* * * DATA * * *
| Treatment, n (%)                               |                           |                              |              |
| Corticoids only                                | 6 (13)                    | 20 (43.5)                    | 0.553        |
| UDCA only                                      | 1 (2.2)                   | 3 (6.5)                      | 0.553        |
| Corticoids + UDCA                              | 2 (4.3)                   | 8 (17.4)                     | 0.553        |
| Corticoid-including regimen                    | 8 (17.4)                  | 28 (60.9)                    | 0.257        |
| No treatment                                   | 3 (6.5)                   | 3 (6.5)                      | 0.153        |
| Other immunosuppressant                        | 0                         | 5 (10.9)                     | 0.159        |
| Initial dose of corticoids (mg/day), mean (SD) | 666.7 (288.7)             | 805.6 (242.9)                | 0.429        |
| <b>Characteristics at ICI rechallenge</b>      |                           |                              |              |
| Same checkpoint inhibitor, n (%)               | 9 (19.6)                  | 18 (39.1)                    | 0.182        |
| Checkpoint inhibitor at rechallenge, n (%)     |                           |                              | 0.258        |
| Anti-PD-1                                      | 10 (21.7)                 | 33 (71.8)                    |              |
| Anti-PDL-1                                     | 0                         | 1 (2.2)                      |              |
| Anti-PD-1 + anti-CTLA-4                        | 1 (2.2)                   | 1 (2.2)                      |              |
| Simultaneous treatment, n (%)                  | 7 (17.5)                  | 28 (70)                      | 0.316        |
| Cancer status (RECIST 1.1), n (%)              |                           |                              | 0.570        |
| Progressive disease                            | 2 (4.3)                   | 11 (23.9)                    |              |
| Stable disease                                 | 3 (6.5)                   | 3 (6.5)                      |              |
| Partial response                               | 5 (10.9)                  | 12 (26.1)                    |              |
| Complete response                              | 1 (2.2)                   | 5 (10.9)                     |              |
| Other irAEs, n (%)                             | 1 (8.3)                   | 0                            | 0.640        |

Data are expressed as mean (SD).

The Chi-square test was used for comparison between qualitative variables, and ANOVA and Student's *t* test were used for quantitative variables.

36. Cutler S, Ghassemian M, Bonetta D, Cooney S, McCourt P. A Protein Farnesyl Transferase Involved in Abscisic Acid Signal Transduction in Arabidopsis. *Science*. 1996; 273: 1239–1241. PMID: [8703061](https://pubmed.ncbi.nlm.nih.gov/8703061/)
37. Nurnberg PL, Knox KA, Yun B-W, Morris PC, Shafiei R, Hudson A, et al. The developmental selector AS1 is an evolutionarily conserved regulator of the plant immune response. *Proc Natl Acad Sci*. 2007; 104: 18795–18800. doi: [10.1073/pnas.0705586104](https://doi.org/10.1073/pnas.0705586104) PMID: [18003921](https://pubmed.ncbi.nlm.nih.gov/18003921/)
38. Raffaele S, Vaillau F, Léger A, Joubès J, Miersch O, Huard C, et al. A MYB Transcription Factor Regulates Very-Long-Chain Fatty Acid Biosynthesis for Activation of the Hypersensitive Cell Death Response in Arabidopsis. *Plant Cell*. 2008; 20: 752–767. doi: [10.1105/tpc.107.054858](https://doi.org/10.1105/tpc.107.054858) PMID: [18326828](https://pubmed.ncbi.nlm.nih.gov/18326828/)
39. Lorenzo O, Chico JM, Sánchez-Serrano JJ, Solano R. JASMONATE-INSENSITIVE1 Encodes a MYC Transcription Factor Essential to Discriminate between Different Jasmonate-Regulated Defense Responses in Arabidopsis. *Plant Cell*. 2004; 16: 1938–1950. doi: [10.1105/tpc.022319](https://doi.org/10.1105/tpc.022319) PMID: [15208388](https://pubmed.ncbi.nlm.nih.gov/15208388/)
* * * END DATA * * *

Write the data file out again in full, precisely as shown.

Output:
| Treatment, n (%)                               |                           |                              |              |
| Corticoids only                                | 6 (13)                    | 20 (43.5)                    | 0.553        |
| UDCA only                                      | 1 (2.2)                   | 3 (6.5)                      | 0.553        |
| Corticoids + UDCA                              | 2 (4.3)                   | 8 (17.4)                     | 0.553        |
| Corticoid-including regimen                    | 8 (17.4)                  | 28 (60.9)                    | 0.257        |
| No treatment                                   | 3 (6.5)                   | 3 (6.5)                      | 0.153        |
| Other immunosuppressant                        | 0                         | 5 (10.9)                     | 0.159        |
| Initial dose of corticoids (mg/day), mean (SD) | 666.7 (288.7)             | 805.6 (242.9)                | 0.429        |
| <b>Characteristics at ICI rechallenge</b>      |                           |                              |              |
| Same checkpoint inhibitor, n (%)               | 9 (19.6)                  | 18 (39.1)                    | 0.182        |
| Checkpoint inhibitor at rechallenge, n (%)     |                           |                              | 0.258        |
| Anti-PD-1                                      | 10 (21.7)                 | 33 (71.8)                    |              |
| Anti-PDL-1                                     | 0                         | 1 (2.2)                      |              |
| Anti-PD-1 + anti-CTLA-4                        | 1 (2.2)                   | 1 (2.2)                      |              |
| Simultaneous treatment, n (%)                  | 7 (17.5)                  | 28 (70)                      | 0.316        |
| Cancer status (RECIST 1.1), n (%)              |                           |                              | 0.570        |
| Progressive disease                            | 2 (4.3)                   | 11 (23.9)                    |              |
| Stable disease                                 | 3 (6.5)                   | 3 (6.5)                      |              |
| Partial response                               | 5 (10.9)                  | 12 (26.1)                    |              |
| Complete response                              | 1 (2.2)                   | 5 (10.9)                     |              |
| Other irAEs, n (%)                             | 1 (8.3)                   | 0                            | 0.640        |

Data are expressed as mean (SD).

The Chi-square test was used for comparison between qualitative variables, and ANOVA and Student's *t* test were used for quantitative variables.

36. Cutler S, Ghassemian M, Bonetta D, Cooney S, McCourt P. A Protein Farnesyl Transferase Involved in Abscisic Acid Signal Transduction in Arabidopsis. *Science*. 1996; 273: 1239–1241. PMID: [8703061](https://pubmed.ncbi.nlm.nih.gov/8703061/)
37. Nurnberg PL, Knox KA, Yun B-W, Morris PC, Shafiei R, Hudson A, et al. The developmental selector AS1 is an evolutionarily conserved regulator of the plant immune response. *Proc Natl Acad Sci*. 2007; 104: 18795–18800. doi: [10.1073/pnas.0705586104](https://doi.org/10.1073/pnas.0705586104) PMID: [18003921](https://pubmed.ncbi.nlm.nih.gov/18003921/)
38. Raffaele S, Vaillau F, Léger A, Joubès J, Miersch O, Huard C, et al. A MYB Transcription Factor Regulates Very-Long-Chain Fatty Acid Biosynthesis for Activation of the Hypersensitive Cell Death Response in Arabidopsis. *Plant Cell*. 2008; 20: 752–767. doi: [10.1105/tpc.107.054858](https://doi.org/10.1105/tpc.107.054858) PMID: [18326828](https://pubmed.ncbi.nlm.nih.gov/18326828/)
39. Lorenzo O, Chico JM, Sánchez-Serrano JJ, Solano R. JASMONATE-INSENSITIVE1 Encodes a MYC Transcription Factor Essential to Discriminate between Different Jasmonate-Regulated Defense Responses in Arabidopsis. *Plant Cell*. 2004; 16: 1938–1950. doi: [10.1105/tpc.022319](https://doi.org/10.1105/tpc.022319) PMID: [15208388](https://pubmed.ncbi.nlm.nih.gov/15208388/)